This is yet another reason why the church needs people with disabilities. They have challenges in their lives and the lives of their families which can only be addressed by a cry out to God. We truly do "sense our own inability to do anything about it that we will cry loudly to God" if we are aware at all. We are brought to a point where we sit without the answers, in deep distress, calling out together to God. I think that is a place God wants to take me, to take us. He wants to challenge our securities with insecurities so that we will be forced to rely on Him rather than our own resources. He wants us to step back and look at our resources, be they emotional, intellectual or monetary and physical, and be a part of the solution for others.

When I am in an uncomfortable situation with a person with a disability because I don't have the answers, or can't communicate clearly, or am reduced to simply praying because I don't know what to do, I inwardly smile a bit as I recognize God is challenging me to cry out to him on behalf of this person. God is wanting to grow MY faith and the faith of the person I am attempting to support. Once again God has connected me to a hurting person and given me the honor to share in that person's frustrations.

But remember, the solution is not to reject those who make us feel uncomfortable. The solution is to get in there with them and share their experience, share their struggles, and perhaps make others uncomfortable through our allignmentment with a disenfranchised person. The typical response is to reject, to exclude because involvement requires change on my part or the part of the institutions I am a part of. The answer, however, is to work through the uncomfortable feelings, to reflect on them and understand them and to change with them as appropriate.



Monday, September 10, 2007

Child find

Perhaps the most pivotal law in special education in the United States, is PL 94-142, the Education for All Handicapped Children Act. There are several important precedents that were set by the legislation, however, in order to serve the children with disabilities, they first needed to be found. One critical component of the law, therefore, was called "child find." I can remember posters that were placed around the community that said something to the effect, "Do you know a child with a disability who would benefit from a public school education. Please refer them to ..." and so on. So as the government got into the business of providing special education services it had to first find the children to be served.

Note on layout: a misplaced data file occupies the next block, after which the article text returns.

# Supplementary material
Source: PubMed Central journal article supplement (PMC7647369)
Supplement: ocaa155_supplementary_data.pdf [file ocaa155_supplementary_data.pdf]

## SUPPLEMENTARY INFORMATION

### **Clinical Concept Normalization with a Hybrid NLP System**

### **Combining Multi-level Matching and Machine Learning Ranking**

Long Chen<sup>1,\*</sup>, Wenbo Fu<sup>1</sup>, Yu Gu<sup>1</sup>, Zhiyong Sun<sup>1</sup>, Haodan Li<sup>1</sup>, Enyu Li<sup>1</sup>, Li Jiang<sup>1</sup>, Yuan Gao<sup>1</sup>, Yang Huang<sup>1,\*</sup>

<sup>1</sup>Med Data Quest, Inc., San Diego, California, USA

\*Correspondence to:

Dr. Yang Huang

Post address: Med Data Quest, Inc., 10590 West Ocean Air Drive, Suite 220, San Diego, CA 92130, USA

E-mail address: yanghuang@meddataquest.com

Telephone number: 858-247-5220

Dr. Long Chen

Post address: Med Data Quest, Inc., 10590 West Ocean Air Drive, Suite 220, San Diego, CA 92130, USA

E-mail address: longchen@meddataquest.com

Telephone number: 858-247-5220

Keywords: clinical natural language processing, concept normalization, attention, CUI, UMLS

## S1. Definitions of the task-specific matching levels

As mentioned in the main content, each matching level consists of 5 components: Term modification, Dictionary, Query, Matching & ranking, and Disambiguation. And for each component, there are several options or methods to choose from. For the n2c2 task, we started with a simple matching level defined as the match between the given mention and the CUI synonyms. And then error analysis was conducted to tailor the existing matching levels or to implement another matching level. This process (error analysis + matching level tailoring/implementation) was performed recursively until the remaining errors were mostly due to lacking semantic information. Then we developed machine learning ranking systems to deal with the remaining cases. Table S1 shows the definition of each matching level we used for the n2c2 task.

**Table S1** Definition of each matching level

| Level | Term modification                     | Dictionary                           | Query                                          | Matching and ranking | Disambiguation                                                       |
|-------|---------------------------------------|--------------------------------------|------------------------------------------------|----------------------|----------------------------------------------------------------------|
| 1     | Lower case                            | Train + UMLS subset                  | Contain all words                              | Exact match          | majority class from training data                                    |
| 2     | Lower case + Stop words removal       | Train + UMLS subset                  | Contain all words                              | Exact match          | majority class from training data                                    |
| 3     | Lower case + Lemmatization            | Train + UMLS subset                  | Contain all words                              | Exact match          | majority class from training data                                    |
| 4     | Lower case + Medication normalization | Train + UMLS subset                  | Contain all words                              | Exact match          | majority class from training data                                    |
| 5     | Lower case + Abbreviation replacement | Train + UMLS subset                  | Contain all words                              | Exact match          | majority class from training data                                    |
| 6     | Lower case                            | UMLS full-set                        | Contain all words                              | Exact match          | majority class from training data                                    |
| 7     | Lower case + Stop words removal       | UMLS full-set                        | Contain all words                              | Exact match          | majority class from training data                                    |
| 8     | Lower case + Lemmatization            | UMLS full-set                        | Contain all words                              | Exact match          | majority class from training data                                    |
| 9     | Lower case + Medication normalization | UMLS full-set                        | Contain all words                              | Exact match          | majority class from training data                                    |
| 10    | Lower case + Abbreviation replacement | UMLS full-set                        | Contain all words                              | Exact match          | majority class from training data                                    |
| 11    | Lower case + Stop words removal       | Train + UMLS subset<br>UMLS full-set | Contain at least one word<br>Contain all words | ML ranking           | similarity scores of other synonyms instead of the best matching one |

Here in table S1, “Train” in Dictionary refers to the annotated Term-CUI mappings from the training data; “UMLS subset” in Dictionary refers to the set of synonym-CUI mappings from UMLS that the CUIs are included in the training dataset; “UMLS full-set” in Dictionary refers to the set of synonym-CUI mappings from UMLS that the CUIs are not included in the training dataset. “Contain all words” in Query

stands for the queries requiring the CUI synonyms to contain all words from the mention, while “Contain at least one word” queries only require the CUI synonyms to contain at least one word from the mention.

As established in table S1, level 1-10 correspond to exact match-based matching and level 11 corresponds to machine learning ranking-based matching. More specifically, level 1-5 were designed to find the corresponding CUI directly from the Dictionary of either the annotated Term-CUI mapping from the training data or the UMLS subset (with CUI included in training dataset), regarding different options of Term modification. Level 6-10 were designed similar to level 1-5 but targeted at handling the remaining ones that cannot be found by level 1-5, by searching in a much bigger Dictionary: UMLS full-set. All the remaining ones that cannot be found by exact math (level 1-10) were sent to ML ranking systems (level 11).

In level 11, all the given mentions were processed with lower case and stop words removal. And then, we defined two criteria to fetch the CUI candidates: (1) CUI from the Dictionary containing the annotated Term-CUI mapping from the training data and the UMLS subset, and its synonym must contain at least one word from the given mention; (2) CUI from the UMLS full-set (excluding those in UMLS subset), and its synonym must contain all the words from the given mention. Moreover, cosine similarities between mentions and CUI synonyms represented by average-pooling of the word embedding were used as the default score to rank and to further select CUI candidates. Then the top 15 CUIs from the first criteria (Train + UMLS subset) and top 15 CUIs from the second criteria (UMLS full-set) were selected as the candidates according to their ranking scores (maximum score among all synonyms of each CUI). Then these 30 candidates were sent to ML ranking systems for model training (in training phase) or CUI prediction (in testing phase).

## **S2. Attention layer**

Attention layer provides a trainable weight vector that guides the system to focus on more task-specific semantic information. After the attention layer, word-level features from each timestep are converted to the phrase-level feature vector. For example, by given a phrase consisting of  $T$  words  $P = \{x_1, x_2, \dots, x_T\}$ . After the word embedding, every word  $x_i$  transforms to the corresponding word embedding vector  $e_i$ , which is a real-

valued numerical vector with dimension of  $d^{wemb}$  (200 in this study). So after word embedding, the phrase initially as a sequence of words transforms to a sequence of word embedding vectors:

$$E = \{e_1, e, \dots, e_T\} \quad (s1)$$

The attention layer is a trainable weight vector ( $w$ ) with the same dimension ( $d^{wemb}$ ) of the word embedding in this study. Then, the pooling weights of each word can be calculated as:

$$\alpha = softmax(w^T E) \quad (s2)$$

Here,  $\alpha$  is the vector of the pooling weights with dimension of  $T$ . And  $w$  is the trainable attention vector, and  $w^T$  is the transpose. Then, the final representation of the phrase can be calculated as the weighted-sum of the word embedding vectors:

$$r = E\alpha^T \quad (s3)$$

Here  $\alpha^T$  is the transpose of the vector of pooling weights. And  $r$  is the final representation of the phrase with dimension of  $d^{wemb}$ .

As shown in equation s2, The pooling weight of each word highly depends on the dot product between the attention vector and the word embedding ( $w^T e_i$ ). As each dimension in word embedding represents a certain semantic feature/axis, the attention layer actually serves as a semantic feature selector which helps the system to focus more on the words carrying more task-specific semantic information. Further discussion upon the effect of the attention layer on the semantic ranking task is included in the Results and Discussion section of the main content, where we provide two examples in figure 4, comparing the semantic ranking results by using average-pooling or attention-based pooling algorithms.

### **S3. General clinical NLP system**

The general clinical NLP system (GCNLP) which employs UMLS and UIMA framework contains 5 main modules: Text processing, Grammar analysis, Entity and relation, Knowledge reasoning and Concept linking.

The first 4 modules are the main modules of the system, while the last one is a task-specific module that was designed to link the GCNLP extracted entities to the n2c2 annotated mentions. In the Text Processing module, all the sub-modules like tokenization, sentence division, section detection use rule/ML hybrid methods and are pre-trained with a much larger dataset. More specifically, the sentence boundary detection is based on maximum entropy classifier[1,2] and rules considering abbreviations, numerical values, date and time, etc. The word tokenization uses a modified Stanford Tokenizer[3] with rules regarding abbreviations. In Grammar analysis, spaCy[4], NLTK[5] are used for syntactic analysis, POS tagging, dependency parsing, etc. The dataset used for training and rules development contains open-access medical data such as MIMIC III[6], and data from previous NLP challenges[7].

Fast forward 30+ years. The church should be in the "child find" business when it comes to children with disabilities. There should be signs around our communities saying something to the effect, "Do you know of a child with a disability, or of a family with a child with a disability would enjoy worshipping at a Christian church? Come to --- church where you will be welcomed and embraced. We want you and your family member with a disability to feel welcomed, and loved. You have a church home!" How about that for child find? Better yet, lets just call it person find... "Do you know a person with a disability looking for a church home?" I plan to approach people at my church for permission to put such signs in my community.

You see, there are churches with disabled members. Some have become disabled during their tenure attending a particular church. Some people with disabilities will arrive at a church, and the church hopefully tries to figure out how to include those people.
I want my church to be one that recruits people that other churches do
not want to recruit.
I want my church to be the "child find" or "adult find" or just simply "person find" church. Let people start with us. We can then not only serve them at our church, should that be their desire, but we can also talk to other churches to get the other churches to serve those individuals as well. So if a person from the Catholic, or Baptist or whatever faith comes to my church, I can say, "You are welcome here!" If they respond, "I wish there were a Baptist church locally that would serve us" we can respond, "Let us help you to become involved in that church." We could then contact that church. If they are open, great. If not, the people are welcome to stay at our church untill the Baptist church in the community is more open.

Why did the state have to find children under PL 94-142?

Because the state hadn't been serving the disabled population in the public schools.

Why does the church need to find children, adults, people with disabilities now?

Because the church has not been serving people with disabilities.

People with disabilities and their families probably as a group think that they are not welcome in churches. For us to sit back and say that we would accept them if they came is insufficient. We need to demonstrate to them our change of heart through our efforts to ask them to come. We have to go to them. We have to ask them to come.


Friday, September 07, 2007

More on social skills